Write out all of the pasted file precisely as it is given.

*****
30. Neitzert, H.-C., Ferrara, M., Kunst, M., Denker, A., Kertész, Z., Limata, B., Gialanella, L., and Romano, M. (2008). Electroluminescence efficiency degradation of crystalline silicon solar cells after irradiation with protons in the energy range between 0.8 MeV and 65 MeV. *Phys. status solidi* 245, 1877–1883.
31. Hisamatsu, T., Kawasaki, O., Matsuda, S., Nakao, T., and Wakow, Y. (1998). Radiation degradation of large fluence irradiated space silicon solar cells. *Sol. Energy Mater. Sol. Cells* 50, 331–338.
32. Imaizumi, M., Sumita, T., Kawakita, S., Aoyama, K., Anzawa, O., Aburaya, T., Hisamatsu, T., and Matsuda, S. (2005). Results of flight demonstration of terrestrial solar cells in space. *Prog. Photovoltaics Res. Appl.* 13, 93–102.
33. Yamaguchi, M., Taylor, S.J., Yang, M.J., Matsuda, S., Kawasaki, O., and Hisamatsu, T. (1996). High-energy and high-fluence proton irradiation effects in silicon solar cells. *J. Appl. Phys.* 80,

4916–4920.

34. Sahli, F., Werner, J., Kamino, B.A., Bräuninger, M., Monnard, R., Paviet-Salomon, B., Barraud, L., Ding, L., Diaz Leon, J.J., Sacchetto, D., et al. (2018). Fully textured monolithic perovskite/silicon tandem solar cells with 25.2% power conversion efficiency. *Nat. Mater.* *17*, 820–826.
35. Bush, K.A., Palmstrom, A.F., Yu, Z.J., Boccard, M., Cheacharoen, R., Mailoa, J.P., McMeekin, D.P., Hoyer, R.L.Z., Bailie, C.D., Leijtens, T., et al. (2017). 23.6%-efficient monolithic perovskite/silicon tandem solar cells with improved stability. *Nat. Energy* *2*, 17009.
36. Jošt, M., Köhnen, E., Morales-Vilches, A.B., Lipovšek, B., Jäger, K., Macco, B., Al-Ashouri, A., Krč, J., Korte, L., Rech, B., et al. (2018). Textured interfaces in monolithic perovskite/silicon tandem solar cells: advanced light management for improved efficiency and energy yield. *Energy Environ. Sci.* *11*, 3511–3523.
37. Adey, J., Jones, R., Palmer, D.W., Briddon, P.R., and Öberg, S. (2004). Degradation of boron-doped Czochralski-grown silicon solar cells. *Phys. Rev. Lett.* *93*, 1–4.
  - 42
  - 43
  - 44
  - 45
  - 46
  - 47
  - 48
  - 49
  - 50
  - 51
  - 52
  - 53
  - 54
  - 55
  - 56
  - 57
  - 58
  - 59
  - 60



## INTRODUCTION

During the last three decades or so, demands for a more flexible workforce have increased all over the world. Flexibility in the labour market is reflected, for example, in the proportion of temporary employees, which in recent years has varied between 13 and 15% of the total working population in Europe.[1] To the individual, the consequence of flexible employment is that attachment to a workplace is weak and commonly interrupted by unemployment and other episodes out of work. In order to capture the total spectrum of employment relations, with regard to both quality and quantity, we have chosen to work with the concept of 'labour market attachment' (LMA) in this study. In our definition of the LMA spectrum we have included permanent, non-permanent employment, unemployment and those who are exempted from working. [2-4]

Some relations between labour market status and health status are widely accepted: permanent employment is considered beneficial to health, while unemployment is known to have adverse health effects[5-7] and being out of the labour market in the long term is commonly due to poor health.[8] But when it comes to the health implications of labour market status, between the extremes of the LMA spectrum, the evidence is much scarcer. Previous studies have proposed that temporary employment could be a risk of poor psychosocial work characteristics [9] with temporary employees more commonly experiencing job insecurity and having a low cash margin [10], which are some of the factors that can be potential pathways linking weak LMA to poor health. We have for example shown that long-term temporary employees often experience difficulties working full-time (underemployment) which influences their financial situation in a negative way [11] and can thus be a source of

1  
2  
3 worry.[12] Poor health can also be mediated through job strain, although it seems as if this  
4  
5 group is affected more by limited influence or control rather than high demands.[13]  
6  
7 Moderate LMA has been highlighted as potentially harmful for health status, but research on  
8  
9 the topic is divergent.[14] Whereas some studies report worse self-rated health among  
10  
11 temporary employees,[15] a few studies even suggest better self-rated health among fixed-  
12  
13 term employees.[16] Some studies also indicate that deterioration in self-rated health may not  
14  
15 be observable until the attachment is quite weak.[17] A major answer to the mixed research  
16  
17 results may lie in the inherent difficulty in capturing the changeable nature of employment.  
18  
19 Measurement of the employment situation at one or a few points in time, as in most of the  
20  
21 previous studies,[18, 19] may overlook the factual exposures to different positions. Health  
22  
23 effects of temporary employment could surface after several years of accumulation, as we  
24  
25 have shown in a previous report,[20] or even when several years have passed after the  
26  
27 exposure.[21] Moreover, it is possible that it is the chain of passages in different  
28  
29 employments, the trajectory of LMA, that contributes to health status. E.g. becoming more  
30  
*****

30. Neitzert, H.-C., Ferrara, M., Kunst, M., Denker, A., Kertész, Z., Limata, B., Gialanella, L., and Romano, M. (2008). Electroluminescence efficiency degradation of crystalline silicon solar cells after irradiation with protons in the energy range between 0.8 MeV and 65 MeV. *Phys. status solidi* 245, 1877–1883.
31. Hisamatsu, T., Kawasaki, O., Matsuda, S., Nakao, T., and Wakow, Y. (1998). Radiation degradation of large fluence irradiated space silicon solar cells. *Sol. Energy Mater. Sol. Cells* 50, 331–338.
32. Imaizumi, M., Sumita, T., Kawakita, S., Aoyama, K., Anzawa, O., Aburaya, T., Hisamatsu, T., and Matsuda, S. (2005). Results of flight demonstration of terrestrial solar cells in space. *Prog. Photovoltaics Res. Appl.* 13, 93–102.
33. Yamaguchi, M., Taylor, S.J., Yang, M.J., Matsuda, S., Kawasaki, O., and Hisamatsu, T. (1996). High-energy and high-fluence proton irradiation effects in silicon solar cells. *J. Appl. Phys.* 80,

4916–4920.

34. Sahli, F., Werner, J., Kamino, B.A., Bräuninger, M., Monnard, R., Paviet-Salomon, B., Barraud, L., Ding, L., Diaz Leon, J.J., Sacchetto, D., et al. (2018). Fully textured monolithic perovskite/silicon tandem solar cells with 25.2% power conversion efficiency. *Nat. Mater.* *17*, 820–826.
35. Bush, K.A., Palmstrom, A.F., Yu, Z.J., Boccard, M., Cheacharoen, R., Mailoa, J.P., McMeekin, D.P., Hoyer, R.L.Z., Bailie, C.D., Leijtens, T., et al. (2017). 23.6%-efficient monolithic perovskite/silicon tandem solar cells with improved stability. *Nat. Energy* *2*, 17009.
36. Jošt, M., Köhnen, E., Morales-Vilches, A.B., Lipovšek, B., Jäger, K., Macco, B., Al-Ashouri, A., Krč, J., Korte, L., Rech, B., et al. (2018). Textured interfaces in monolithic perovskite/silicon tandem solar cells: advanced light management for improved efficiency and energy yield. *Energy Environ. Sci.* *11*, 3511–3523.
37. Adey, J., Jones, R., Palmer, D.W., Briddon, P.R., and Öberg, S. (2004). Degradation of boron-doped Czochralski-grown silicon solar cells. *Phys. Rev. Lett.* *93*, 1–4.
  - 42
  - 43
  - 44
  - 45
  - 46
  - 47
  - 48
  - 49
  - 50
  - 51
  - 52
  - 53
  - 54
  - 55
  - 56
  - 57
  - 58
  - 59
  - 60



## INTRODUCTION

During the last three decades or so, demands for a more flexible workforce have increased all over the world. Flexibility in the labour market is reflected, for example, in the proportion of temporary employees, which in recent years has varied between 13 and 15% of the total working population in Europe.[1] To the individual, the consequence of flexible employment is that attachment to a workplace is weak and commonly interrupted by unemployment and other episodes out of work. In order to capture the total spectrum of employment relations, with regard to both quality and quantity, we have chosen to work with the concept of 'labour market attachment' (LMA) in this study. In our definition of the LMA spectrum we have included permanent, non-permanent employment, unemployment and those who are exempted from working. [2-4]

Some relations between labour market status and health status are widely accepted: permanent employment is considered beneficial to health, while unemployment is known to have adverse health effects[5-7] and being out of the labour market in the long term is commonly due to poor health.[8] But when it comes to the health implications of labour market status, between the extremes of the LMA spectrum, the evidence is much scarcer. Previous studies have proposed that temporary employment could be a risk of poor psychosocial work characteristics [9] with temporary employees more commonly experiencing job insecurity and having a low cash margin [10], which are some of the factors that can be potential pathways linking weak LMA to poor health. We have for example shown that long-term temporary employees often experience difficulties working full-time (underemployment) which influences their financial situation in a negative way [11] and can thus be a source of

1  
2  
3 worry.[12] Poor health can also be mediated through job strain, although it seems as if this  
4  
5 group is affected more by limited influence or control rather than high demands.[13]  
6  
7 Moderate LMA has been highlighted as potentially harmful for health status, but research on  
8  
9 the topic is divergent.[14] Whereas some studies report worse self-rated health among  
10  
11 temporary employees,[15] a few studies even suggest better self-rated health among fixed-  
12  
13 term employees.[16] Some studies also indicate that deterioration in self-rated health may not  
14  
15 be observable until the attachment is quite weak.[17] A major answer to the mixed research  
16  
17 results may lie in the inherent difficulty in capturing the changeable nature of employment.  
18  
19 Measurement of the employment situation at one or a few points in time, as in most of the  
20  
21 previous studies,[18, 19] may overlook the factual exposures to different positions. Health  
22  
23 effects of temporary employment could surface after several years of accumulation, as we  
24  
25 have shown in a previous report,[20] or even when several years have passed after the  
26  
27 exposure.[21] Moreover, it is possible that it is the chain of passages in different  
28  
29 employments, the trajectory of LMA, that contributes to health status. E.g. becoming more  
30  